Spiral galaxy NGC 3185 is about 80 million light-years away from us in the constellation of Leo (the Lion). The galaxy’s spiral arms swirl outward from the center of the galaxy toward the rim where they join a blue disk of young stars. At the galactic center of is a small but very bright nucleus containing a supermassive black hole. Supermassive black holes have masses many thousands of times that of our Sun, and they become active as matter falls towards them. When this happens the black hole lights up, sending away streams of particles and radiation at almost the speed of light.
NGC 3185 is a member of a four-galaxy group known as Hickson 44. NGC 3190 is a somewhat more famous member of the group. Apple used a blue-tinted image of it as the default wallpaper for its Mountain Lion operating system.
Roughly 290 million years ago, a star more or less like the Sun got too close to the central black hole of its galaxy. Intense tides tore the star apart and the resulting outburst of visible, ultraviolet and X-ray light first reached Earth in 2014. Observations from the Swift satellite have mapped out how and where these different wavelengths were produced as the shattered star’s debris circled the black hole. This animation illustrates how debris from a tidally disrupted star collided with itself, creating shock waves that emit ultraviolet and visible light. According to the Swift observations, that debris then took about a month to fall back to the black hole, where they produced changes in its X-ray emission that correlated with the earlier UV and visible light bursts.
Made with over 7 million seconds (about 11-1/2 weeks) of Chandra X-Ray Observatory observing time, this image is part of the Chandra Deep Field-South and is the deepest X-ray image ever obtained. This look at the early Universe in X-rays gives astronomers the best look yet at the growth of black holes over billions of years starting soon after the Big Bang. In this image, low, medium, and high-energy X-rays that Chandra detects are shown as red, green, and blue respectively.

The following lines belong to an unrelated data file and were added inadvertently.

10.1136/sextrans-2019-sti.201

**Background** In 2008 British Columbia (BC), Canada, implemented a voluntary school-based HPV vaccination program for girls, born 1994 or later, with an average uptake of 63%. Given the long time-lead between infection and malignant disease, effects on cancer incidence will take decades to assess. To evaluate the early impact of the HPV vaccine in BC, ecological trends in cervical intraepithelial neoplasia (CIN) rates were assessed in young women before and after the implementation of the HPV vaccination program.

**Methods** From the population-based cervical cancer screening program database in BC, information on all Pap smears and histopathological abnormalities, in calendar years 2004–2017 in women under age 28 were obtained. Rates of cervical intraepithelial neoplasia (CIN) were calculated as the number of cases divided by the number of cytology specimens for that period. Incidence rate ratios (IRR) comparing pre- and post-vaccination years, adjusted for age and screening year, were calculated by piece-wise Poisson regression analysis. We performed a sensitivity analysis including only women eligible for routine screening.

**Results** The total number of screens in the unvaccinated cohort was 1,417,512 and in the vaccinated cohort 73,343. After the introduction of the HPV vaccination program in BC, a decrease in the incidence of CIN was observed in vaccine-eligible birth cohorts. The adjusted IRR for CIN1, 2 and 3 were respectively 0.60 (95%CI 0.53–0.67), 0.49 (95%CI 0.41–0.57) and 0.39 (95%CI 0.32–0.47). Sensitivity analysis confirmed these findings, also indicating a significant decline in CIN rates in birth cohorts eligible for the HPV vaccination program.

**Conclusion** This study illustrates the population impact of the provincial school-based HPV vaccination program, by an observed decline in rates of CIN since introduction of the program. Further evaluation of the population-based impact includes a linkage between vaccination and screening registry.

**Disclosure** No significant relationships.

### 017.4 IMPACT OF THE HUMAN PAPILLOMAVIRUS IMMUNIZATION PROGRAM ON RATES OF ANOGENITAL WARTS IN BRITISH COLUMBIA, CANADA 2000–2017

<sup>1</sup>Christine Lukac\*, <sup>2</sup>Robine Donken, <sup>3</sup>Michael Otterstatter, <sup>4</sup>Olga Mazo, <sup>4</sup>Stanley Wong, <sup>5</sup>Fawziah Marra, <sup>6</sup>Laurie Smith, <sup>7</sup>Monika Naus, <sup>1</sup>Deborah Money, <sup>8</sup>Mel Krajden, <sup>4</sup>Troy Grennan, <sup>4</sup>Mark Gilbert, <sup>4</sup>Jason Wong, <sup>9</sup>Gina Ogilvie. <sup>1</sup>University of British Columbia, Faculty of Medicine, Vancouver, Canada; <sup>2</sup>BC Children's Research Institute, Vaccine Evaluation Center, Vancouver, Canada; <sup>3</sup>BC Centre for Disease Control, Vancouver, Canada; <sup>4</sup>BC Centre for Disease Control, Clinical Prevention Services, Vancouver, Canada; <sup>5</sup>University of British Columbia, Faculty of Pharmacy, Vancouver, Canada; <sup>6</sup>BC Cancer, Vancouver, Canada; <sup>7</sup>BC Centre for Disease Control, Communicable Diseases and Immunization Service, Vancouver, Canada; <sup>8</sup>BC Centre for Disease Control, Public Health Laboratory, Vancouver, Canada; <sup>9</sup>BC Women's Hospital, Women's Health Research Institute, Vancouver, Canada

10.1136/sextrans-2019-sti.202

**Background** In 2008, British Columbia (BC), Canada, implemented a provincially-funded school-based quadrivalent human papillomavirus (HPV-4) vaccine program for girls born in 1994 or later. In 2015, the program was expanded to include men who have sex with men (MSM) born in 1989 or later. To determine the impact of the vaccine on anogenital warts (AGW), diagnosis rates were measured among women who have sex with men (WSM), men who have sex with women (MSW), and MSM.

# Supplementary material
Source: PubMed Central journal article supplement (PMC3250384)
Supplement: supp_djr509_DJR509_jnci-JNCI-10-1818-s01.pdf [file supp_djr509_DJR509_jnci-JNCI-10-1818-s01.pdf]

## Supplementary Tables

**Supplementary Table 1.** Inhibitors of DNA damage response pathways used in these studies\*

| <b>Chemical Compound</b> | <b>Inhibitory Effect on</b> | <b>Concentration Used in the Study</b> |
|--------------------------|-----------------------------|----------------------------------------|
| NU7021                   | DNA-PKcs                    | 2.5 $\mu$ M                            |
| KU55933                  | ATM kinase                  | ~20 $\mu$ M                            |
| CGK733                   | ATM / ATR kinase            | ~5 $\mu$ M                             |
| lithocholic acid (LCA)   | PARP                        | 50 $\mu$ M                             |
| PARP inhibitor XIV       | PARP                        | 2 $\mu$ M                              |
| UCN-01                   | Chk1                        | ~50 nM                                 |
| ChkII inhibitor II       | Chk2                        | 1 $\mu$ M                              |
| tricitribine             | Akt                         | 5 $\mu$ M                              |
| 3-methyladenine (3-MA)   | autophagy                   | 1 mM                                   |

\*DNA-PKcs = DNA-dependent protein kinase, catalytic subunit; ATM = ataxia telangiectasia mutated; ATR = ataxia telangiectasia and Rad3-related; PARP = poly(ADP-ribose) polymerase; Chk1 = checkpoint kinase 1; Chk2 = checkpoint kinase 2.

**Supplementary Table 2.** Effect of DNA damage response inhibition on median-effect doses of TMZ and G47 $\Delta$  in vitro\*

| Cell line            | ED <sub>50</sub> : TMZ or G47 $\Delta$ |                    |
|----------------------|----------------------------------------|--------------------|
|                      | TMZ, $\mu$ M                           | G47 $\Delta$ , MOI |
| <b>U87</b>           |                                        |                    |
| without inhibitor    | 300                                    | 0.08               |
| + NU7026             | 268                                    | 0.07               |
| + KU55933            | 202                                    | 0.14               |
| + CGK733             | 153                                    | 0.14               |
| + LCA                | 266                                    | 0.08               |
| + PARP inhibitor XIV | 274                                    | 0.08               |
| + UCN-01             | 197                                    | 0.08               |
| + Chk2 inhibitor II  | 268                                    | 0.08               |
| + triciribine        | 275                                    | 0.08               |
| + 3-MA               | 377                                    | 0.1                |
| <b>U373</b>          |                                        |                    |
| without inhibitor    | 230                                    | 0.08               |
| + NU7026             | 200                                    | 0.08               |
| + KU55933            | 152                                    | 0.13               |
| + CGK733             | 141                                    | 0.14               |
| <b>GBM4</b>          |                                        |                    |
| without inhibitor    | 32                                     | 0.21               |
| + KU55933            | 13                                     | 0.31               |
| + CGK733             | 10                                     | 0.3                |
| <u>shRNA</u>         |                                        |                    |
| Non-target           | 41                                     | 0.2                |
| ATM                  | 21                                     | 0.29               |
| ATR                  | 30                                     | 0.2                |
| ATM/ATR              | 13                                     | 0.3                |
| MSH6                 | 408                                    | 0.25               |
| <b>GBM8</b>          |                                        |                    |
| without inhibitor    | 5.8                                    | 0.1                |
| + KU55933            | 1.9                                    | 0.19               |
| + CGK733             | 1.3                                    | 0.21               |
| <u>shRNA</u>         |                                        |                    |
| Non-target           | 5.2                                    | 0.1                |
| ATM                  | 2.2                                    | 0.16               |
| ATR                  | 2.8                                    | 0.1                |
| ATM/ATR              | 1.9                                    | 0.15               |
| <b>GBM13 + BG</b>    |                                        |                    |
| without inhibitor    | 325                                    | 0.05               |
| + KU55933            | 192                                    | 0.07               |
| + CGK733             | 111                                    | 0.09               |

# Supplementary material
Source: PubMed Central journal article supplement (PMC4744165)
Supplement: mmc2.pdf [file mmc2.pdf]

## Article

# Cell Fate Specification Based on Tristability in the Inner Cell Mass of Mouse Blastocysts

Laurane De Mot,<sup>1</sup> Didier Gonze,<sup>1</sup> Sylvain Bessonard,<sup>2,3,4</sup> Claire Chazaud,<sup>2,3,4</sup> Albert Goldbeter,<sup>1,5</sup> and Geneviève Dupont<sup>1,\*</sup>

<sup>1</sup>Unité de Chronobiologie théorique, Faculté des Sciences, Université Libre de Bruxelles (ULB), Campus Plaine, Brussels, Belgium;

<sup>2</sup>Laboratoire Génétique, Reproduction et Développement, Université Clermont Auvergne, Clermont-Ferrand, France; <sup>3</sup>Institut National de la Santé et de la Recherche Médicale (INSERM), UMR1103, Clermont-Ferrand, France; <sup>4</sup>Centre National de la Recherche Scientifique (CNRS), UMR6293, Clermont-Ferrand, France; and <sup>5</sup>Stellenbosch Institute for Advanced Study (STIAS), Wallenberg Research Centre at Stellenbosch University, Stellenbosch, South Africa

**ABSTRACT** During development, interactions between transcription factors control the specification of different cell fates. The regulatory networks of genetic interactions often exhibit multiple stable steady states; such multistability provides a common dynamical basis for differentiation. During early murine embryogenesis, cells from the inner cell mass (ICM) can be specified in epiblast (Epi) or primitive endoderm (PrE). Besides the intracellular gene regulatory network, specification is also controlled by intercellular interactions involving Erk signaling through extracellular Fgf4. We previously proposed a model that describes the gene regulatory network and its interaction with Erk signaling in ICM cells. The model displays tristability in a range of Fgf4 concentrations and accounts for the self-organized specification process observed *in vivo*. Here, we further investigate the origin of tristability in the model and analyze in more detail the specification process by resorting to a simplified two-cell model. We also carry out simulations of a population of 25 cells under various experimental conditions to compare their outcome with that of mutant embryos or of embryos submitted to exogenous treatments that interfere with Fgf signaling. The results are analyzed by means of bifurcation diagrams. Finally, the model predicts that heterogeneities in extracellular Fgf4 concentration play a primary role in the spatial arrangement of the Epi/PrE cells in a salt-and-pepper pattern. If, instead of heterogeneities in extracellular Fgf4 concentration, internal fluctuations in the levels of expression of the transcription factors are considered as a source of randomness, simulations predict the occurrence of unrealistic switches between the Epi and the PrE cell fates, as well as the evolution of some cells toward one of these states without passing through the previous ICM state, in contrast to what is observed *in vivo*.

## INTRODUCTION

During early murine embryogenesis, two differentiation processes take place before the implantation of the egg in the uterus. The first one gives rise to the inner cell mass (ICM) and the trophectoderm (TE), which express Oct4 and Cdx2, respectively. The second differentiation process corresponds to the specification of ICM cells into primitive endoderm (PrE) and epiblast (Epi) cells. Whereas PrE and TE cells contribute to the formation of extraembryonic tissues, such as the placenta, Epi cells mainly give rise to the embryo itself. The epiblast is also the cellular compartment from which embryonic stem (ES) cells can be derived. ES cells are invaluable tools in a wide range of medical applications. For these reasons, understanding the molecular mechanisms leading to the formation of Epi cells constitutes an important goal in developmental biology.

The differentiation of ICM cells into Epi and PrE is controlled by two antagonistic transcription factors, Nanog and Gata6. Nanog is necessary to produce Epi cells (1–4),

This simulation of a pair of black holes merging plays in slow motion, but the real merger would take about one third of a second in real time. The black holes extreme gravity lenses the light from the stars, galaxies, gas, and dust behind them into Einstein rings as they spiral closer and finally merge into one. The otherwise invisible gravitational waves generated as the massive objects rapidly coalesce cause the visible image to ripple and slosh both inside and outside the Einstein rings even after the black holes have merged.
The gravitational waves recently detected by LIGO are consistent with the merger of 36 and 29 solar mass black holes at a distance of 1.3 billion light-years. The final, single black hole has 62 times the mass of the Sun—the remaining 3 solar masses were converted into energy as gravitational waves.
This animation illustrates how astronomers think a star is shredded by a black hole. When a star wanders too close to a black hole, the intense tidal forces tear the star apart. During such a tidal disruption, some of the star’s debris is thrown outward while the most falls toward the black hole. The result is a distinctive X-ray flare that can last for a several years.
V404 Cygni is a binary system that contains an erupting black hole. These rings of x-ray light centered on that system were imaged by the x-ray telescope aboard the Swift satellite. Color indicates the energy of the X-rays, with red representing the lowest (800 to 1,500 electron volts, eV), green for medium (1,500 to 2,500 eV), and blue for the most energetic (2,500 to 5,000 eV). Visible light has energies ranging from about 2 to 3 eV. The dark lines running diagonally through the image are artifacts of the imaging system.
Image Credits: Andrew Beardmore (Univ. of Leicester) and NASA
The evolution of a galaxy is related to the growth of the supermassive black hole at its center. During the galaxy’s quasar phase, a huge luminosity is released as matter falls onto the black hole, and radiation-driven winds can transfer most of this energy back to the host galaxy. This animation illustrates how black-hole feedback works during that phase. Dense gas and dust in the center simultaneously powers the black hole and hides it from view. The black hole’s radiation wind drives huge outflows of cold gas causing a shock wave that clears gas and dust from the central galaxy.